Youngkin seeks agency input on state AI policy
Governor Glenn Youngkin’s administration is hopeful a new directive on artificial intelligence will help build lasting policies for how the state and its partners work with the developing technology.
Andrew Wheeler, the controversial former head of the Environmental Protection Agency under former president Donald Trump, said he hopes the Commonwealth will leverage its existing role as a home for federal data and security contractors and data centers when developing the policies.
“We have lots of professionals in the private sector working on AI, and we want to make sure we harness that expertise and take advantage of that and use it in our state agencies," said Wheeler, who now serves as Youngkin's Director of the Office of Regulatory Management.
The directive, issued September 20th, asked for reports from agencies that touch education, workforce development, legal and state efficiency. Wheeler said he hopes the final report will address things like student’s use and potential abuse of AI, while also developing new ways for the public to interact with the state, like using chatbots to answer questions for those seeking services.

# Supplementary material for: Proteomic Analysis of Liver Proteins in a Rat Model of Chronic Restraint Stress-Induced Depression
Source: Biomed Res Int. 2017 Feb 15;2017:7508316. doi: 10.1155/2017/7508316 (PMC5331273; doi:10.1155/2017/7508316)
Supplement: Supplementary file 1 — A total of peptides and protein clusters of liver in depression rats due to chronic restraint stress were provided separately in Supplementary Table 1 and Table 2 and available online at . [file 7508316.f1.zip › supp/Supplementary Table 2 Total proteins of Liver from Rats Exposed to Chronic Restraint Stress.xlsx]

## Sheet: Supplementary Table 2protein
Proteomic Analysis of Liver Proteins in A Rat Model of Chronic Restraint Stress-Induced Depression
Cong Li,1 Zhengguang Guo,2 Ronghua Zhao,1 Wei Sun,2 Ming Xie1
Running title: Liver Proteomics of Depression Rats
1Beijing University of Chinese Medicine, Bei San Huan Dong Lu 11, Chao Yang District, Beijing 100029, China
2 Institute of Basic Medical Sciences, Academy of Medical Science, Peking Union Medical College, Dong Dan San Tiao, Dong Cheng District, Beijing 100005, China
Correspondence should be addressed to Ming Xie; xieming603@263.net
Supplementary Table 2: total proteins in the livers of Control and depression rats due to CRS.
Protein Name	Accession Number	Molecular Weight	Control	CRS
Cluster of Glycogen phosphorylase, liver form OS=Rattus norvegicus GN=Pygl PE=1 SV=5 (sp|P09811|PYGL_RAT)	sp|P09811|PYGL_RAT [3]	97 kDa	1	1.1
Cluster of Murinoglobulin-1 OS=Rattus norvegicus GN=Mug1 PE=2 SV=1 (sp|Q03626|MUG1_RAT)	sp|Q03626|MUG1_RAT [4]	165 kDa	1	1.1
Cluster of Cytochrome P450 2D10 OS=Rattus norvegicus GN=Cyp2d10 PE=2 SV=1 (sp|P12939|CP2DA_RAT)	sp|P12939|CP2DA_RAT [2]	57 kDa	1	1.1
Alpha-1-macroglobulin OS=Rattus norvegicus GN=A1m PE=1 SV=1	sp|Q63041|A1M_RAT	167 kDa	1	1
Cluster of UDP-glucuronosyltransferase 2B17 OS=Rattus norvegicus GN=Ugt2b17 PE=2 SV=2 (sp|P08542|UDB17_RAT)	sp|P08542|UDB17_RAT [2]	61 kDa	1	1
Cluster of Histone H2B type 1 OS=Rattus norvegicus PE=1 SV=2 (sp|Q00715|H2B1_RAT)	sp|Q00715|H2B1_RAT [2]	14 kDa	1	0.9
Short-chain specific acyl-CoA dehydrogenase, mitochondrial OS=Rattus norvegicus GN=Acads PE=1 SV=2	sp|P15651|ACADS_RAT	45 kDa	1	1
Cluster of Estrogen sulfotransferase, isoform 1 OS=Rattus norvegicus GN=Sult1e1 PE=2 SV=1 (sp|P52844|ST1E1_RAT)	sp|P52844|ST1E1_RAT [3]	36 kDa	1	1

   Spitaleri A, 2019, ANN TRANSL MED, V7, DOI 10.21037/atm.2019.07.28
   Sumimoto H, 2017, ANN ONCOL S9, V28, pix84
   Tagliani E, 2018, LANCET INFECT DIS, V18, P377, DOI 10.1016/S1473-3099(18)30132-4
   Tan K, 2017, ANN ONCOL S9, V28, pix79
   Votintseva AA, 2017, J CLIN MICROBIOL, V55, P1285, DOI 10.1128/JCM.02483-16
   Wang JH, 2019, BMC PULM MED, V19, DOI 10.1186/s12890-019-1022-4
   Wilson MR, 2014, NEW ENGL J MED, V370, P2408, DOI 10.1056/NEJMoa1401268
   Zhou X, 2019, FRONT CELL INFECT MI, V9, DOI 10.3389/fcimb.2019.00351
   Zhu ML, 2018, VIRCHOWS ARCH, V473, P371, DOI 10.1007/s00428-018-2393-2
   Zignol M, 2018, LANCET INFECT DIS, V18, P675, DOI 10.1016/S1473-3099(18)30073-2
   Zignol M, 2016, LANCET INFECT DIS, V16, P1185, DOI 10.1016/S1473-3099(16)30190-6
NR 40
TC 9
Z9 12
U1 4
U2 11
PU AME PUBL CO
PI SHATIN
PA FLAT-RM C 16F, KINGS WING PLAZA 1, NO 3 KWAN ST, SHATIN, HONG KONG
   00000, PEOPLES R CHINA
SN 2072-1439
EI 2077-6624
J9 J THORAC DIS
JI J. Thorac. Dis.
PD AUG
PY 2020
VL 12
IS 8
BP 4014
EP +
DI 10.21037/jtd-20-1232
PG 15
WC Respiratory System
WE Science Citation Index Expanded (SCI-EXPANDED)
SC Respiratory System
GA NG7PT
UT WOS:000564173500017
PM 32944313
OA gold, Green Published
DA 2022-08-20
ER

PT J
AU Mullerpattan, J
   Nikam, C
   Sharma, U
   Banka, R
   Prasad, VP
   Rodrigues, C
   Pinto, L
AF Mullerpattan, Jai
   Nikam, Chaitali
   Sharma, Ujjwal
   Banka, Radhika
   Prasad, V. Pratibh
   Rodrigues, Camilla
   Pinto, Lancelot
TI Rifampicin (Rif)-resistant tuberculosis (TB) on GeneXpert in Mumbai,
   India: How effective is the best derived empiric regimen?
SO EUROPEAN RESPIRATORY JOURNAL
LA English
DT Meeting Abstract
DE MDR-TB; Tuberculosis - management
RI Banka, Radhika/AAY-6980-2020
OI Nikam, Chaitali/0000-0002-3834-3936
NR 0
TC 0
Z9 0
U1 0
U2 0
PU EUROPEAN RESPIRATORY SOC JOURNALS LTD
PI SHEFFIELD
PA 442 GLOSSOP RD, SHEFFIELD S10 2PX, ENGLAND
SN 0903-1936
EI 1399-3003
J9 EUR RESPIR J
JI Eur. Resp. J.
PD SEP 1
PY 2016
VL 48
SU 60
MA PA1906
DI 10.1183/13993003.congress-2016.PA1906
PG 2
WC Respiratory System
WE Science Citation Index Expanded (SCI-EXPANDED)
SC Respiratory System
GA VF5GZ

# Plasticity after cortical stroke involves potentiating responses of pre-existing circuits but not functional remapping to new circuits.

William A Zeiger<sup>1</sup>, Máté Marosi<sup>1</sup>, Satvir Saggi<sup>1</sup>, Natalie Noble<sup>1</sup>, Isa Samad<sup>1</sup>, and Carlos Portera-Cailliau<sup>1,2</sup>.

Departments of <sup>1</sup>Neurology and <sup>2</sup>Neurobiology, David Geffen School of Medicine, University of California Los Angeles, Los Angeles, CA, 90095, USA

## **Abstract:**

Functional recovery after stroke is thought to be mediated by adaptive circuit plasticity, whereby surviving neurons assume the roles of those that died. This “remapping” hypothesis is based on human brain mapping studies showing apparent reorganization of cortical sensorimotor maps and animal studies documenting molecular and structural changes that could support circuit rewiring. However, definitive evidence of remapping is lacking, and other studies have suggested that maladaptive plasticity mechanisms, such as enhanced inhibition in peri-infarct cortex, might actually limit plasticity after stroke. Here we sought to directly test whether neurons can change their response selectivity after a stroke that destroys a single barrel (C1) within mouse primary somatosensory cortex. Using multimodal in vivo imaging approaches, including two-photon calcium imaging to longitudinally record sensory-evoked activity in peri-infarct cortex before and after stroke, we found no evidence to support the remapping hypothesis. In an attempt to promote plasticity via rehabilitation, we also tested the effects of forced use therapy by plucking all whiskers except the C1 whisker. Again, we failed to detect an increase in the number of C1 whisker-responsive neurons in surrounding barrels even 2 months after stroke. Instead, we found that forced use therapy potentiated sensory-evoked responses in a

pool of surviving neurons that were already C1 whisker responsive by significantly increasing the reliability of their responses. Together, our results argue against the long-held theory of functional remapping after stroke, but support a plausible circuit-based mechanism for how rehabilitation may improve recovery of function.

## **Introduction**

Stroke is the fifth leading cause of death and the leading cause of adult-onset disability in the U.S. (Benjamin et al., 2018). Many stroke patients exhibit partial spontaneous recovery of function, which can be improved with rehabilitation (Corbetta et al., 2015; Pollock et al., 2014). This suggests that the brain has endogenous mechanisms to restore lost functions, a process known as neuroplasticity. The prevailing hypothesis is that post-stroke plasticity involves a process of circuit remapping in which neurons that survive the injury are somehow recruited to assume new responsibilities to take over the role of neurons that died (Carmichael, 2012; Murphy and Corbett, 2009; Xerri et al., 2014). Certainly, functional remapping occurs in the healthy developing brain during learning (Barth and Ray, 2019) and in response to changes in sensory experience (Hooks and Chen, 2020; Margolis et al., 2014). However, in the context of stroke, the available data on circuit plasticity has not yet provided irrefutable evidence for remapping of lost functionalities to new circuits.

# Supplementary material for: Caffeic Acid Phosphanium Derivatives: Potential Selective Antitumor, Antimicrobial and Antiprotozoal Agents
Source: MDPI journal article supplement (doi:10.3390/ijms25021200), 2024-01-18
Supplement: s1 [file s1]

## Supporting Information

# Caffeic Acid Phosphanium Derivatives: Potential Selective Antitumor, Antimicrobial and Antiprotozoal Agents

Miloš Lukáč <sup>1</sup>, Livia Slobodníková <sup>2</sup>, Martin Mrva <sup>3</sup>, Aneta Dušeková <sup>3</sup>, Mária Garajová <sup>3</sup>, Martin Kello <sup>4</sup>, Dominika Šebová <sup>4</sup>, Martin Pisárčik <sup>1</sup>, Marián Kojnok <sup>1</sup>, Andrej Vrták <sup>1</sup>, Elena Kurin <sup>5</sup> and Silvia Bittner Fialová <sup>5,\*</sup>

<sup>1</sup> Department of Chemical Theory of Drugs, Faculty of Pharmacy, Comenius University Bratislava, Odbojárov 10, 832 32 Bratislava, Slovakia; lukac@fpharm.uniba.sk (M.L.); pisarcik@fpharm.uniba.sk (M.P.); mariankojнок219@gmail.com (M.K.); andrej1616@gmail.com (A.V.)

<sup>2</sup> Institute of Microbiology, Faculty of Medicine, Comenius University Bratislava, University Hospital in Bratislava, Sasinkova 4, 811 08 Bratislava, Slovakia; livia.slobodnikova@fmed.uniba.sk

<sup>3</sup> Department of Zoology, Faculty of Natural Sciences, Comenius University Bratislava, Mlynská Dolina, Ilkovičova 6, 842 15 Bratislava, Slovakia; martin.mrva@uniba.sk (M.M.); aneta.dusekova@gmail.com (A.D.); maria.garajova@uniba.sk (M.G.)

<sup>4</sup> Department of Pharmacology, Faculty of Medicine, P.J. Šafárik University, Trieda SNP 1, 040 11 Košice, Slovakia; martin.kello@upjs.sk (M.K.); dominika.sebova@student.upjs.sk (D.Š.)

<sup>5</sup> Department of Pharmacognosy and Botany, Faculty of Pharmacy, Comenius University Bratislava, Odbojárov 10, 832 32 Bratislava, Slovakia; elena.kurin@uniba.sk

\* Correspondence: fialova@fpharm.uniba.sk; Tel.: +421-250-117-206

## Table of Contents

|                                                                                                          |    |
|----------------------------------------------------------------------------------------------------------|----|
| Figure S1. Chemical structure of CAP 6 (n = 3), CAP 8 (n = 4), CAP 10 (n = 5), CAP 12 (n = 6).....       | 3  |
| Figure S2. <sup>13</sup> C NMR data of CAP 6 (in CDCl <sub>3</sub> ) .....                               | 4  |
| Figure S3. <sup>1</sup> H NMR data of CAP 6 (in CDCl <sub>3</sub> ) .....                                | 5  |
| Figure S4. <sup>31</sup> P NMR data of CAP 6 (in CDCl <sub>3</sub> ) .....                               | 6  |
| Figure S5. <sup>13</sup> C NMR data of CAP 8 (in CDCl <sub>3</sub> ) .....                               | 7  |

“Can you use this technology to make government more efficient and effective and of course cost savings are a part of that equation," Wheeler added, before stressing the resulting policies would also be considered deliberately.
“Virginians should be assured we’re not going to rush into anything but at the same time we don't want to be left behind on the way this technology is changing the way businesses operate and the government could operate,” he said.
Youngkin asked for feedback from state agencies by mid-December. Wheeler said they could generate legislation or budget requests in time for the 2024 General Assembly Session in January.